Paula Cole’s plan for 2019 was to release an album of standards, a follow-up to “Ballads,” her 2017 collection made up mostly of jazz tunes.

“But I just feel that these times are … ,” Cole tells The Post, sighing and pausing, “they’re just incredible, and I just feel that I needed to speak out. I can’t be silent.”

So the Massachusetts singer-songwriter, known for the mid-’90s hits “Where Have All The Cowboys Gone?” and “I Don’t Want to Wait,” released “Revolution,” a socially conscious album that tackles the issues of race, gender and abuse.

The heady album opens with “Revolution (Is a State of Mind),” featuring parts of Martin Luther King Jr.’s “Beyond Vietnam: A Time to Break Silence,” which he gave April 4, 1967 — exactly a year before his assassination — at Riverside Church in Morningside Heights.

The album, Cole says, “is also about finding empathy.”

“Even though I feel anger at times, I need to find hope, and I find that the words of Martin Luther King Jr. help me,” she says. “They’re still incredibly relevant and necessary.”

Another figure who looms large on “Revolution” is Cole’s great-grandmother Charlotte, one of the first women to be admitted to Yale’s general college. In the press notes that accompanied the album release, the song is said to describe “uncomfortable memories of being a witness to abuse and then a victim of it herself,” then learning to speak up — something practically impossible for the women of previous generations. 

It’s not a coincidence that Cole released the album in the run-up to the 2020 presidential election.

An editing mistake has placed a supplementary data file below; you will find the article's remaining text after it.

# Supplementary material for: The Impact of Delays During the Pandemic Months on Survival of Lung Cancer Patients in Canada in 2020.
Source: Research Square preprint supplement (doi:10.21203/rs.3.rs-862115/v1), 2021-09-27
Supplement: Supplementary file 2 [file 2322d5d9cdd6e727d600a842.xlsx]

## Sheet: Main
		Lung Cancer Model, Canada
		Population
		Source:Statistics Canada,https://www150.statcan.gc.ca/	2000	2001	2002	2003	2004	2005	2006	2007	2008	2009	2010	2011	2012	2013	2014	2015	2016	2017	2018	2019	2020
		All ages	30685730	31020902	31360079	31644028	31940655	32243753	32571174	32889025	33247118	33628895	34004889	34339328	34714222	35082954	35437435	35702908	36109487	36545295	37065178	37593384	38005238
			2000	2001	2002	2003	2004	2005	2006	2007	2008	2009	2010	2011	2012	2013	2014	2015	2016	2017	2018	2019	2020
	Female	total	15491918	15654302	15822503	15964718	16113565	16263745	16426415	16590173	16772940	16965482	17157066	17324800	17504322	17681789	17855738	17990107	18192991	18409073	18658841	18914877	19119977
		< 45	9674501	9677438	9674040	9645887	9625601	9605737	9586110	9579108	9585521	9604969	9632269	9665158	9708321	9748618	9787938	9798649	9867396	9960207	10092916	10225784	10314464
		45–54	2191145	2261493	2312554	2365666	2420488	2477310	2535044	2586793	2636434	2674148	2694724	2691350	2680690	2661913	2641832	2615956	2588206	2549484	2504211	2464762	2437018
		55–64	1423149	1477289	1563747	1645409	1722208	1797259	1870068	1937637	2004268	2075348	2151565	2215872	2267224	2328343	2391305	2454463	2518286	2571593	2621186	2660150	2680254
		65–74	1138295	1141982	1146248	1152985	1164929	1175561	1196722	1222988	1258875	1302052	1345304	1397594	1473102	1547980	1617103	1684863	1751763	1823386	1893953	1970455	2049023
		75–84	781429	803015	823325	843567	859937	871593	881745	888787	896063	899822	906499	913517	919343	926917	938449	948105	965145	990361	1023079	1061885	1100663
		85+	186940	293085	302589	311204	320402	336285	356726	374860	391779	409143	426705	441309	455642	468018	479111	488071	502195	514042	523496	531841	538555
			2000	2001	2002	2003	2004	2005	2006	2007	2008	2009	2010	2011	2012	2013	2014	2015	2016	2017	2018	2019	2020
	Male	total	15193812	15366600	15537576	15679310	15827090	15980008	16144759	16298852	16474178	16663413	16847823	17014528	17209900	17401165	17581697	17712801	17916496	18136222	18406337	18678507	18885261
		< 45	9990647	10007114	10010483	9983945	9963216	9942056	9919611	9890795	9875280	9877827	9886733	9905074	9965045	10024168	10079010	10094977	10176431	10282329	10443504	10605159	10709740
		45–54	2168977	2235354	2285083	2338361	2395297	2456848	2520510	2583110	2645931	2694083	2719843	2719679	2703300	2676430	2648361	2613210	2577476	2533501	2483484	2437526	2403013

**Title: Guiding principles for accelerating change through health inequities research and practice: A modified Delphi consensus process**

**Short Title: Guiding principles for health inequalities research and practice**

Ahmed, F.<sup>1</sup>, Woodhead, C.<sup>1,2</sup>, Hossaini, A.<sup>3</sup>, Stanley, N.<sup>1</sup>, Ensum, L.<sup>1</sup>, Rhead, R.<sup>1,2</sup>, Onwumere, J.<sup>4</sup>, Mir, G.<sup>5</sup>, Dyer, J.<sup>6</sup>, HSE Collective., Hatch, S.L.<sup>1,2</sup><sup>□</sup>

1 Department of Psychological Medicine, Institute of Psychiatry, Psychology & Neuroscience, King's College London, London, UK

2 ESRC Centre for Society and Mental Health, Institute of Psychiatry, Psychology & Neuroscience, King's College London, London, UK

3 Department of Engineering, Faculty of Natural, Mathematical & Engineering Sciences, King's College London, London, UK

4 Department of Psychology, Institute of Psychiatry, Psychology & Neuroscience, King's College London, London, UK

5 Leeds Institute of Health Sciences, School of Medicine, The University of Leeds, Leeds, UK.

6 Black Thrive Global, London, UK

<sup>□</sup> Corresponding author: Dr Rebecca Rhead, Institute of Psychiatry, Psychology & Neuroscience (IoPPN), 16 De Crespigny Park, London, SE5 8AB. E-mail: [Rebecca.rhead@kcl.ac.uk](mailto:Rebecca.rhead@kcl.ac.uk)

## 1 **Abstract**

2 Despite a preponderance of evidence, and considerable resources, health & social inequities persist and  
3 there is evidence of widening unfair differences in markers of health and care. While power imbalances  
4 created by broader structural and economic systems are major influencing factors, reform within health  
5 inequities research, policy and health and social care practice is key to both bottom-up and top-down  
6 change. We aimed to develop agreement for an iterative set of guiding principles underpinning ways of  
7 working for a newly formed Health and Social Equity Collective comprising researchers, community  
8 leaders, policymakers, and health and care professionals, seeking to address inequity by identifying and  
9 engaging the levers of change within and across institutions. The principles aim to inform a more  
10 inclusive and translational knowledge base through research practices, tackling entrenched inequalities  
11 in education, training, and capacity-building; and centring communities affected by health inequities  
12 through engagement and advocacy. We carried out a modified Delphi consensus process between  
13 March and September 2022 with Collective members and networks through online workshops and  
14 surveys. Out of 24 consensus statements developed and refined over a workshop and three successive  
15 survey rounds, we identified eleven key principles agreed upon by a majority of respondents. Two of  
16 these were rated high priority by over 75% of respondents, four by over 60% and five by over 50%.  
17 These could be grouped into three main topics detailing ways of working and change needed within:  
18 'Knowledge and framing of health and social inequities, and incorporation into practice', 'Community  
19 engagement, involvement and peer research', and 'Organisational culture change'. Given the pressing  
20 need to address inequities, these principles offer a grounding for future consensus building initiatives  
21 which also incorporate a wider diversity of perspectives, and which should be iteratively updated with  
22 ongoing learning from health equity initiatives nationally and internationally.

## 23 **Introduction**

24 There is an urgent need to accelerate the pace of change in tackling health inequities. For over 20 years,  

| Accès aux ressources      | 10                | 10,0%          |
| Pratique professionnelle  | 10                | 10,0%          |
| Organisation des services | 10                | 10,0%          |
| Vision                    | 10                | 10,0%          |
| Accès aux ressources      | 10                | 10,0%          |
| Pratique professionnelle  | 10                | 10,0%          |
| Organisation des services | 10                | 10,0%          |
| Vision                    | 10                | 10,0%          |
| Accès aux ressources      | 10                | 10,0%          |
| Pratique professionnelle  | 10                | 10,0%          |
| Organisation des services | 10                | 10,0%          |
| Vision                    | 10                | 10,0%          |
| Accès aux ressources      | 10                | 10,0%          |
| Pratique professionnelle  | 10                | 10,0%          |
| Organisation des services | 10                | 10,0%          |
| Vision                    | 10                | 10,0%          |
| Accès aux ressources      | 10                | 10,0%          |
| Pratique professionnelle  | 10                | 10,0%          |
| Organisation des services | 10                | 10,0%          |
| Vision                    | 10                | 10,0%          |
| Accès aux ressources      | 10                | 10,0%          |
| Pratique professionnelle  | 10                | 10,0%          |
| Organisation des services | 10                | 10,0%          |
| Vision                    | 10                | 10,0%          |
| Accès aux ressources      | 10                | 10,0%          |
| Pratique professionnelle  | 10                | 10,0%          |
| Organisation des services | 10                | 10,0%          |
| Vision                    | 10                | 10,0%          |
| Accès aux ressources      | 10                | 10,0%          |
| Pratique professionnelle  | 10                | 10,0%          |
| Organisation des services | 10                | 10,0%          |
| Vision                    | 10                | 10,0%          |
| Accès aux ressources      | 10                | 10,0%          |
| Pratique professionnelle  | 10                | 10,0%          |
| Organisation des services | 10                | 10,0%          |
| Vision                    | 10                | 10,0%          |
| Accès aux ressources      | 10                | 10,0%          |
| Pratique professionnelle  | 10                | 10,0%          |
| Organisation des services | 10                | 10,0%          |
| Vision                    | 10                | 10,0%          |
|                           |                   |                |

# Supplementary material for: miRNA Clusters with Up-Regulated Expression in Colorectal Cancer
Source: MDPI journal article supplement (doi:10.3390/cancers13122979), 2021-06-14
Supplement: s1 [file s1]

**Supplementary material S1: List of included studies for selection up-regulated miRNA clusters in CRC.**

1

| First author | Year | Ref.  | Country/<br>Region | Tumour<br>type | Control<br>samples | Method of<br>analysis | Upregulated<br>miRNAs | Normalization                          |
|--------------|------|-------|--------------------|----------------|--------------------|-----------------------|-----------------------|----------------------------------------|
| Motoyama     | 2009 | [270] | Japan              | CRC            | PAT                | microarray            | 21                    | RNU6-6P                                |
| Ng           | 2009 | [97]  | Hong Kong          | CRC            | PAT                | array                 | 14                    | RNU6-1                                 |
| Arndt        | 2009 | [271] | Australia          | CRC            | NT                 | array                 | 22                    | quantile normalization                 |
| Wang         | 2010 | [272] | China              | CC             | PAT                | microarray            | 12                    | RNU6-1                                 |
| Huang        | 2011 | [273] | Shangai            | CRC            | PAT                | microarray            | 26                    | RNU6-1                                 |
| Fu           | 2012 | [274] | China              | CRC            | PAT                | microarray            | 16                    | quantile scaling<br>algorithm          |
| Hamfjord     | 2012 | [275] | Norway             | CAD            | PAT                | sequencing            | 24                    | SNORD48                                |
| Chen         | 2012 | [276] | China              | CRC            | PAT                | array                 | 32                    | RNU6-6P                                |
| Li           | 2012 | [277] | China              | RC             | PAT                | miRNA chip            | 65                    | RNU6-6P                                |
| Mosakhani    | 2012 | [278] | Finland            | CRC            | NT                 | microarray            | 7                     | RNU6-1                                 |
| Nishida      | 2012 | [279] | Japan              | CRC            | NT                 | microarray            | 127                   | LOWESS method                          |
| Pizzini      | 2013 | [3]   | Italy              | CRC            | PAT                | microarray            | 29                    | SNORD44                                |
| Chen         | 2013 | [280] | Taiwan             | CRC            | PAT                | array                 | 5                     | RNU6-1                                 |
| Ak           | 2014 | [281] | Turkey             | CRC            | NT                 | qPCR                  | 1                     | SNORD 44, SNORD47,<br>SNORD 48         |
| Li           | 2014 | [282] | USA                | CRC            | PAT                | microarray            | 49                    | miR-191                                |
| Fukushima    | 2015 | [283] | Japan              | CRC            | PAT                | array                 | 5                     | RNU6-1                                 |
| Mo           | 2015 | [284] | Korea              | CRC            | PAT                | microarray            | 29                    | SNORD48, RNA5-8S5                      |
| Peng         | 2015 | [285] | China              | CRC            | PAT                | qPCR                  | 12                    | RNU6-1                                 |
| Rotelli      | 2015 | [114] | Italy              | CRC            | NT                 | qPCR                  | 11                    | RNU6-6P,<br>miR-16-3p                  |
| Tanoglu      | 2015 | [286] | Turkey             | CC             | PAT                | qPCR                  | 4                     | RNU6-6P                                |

“It’s there, yes. There is a call to vote, a call to speak, to unify, to not be intimidated, to be who you are.”

For many years, who Cole was was the woman who sang two smash hits — with “I Don’t Want to Wait” having the added distinction of being the theme song of angsty TV drama “Dawson’s Creek.” Both were on “This Fire,” her second album, released in 1996. The album earned seven Grammy nominations — including for producer of the year; Cole produced the record herself — and Cole was everywhere, including on the landmark Lilith Fair, the female-centric tour that also featured Sarah McLachlan, Jewel, Sheryl Crow and Fiona Apple.

As she continued to release albums, she resented being known as a two-hit wonder.

“The con [to the success] is that I’m associated with only that, only ‘Dawson’s Creek,’ only the hits,” she says. “It bothered me so much that I thought about leaving my career multiple times.”

She eventually realized she had been “lucky” and embraced making music again after an eight-year break following the birth of her first child.

This year marks the 25th anniversary of Cole’s debut album, “Harbinger.” She’s happy to celebrate the milestone — to an extent.

“I don’t want to live in the past too much because I feel like I have so much to say right now, I feel urgent and prolific and there are songs flowing through me right now,” says Cole. “I have a couple albums in my head. I have not felt this since my late 20s. My late 20s and early 50s,” she adds, laughing.

“Harbinger” was released as she was touring as a featured vocalist on Peter Gabriel’s “Secret World Live” tour.

“Peter asked me to join the tour just like that,” says Cole, 25 at the time. “Sinead O’Connor was leaving the tour. It was a huge opportunity. I flew to Mannheim, Germany, and had one rehearsal, then I was singing in front of 16,000 Germans that night.”

The former Genesis frontman “was very generous in sharing the spotlight,” says Cole, who sang duets with Gabriel, including the parts originally recorded by Kate Bush on his song “Don’t Give Up.” “The way he treated the band as a voice, as a collective voice, was really inspirational.”

She calls her current tour, which she’ll bring to (Le) Poisson Rouge in Greenwich Village Thursday, her biggest since the ’90s.

“That’s why I’m here,” she says. “I haven’t been distracted by acting or a clothing line. I’m in it for the music. I love the music.”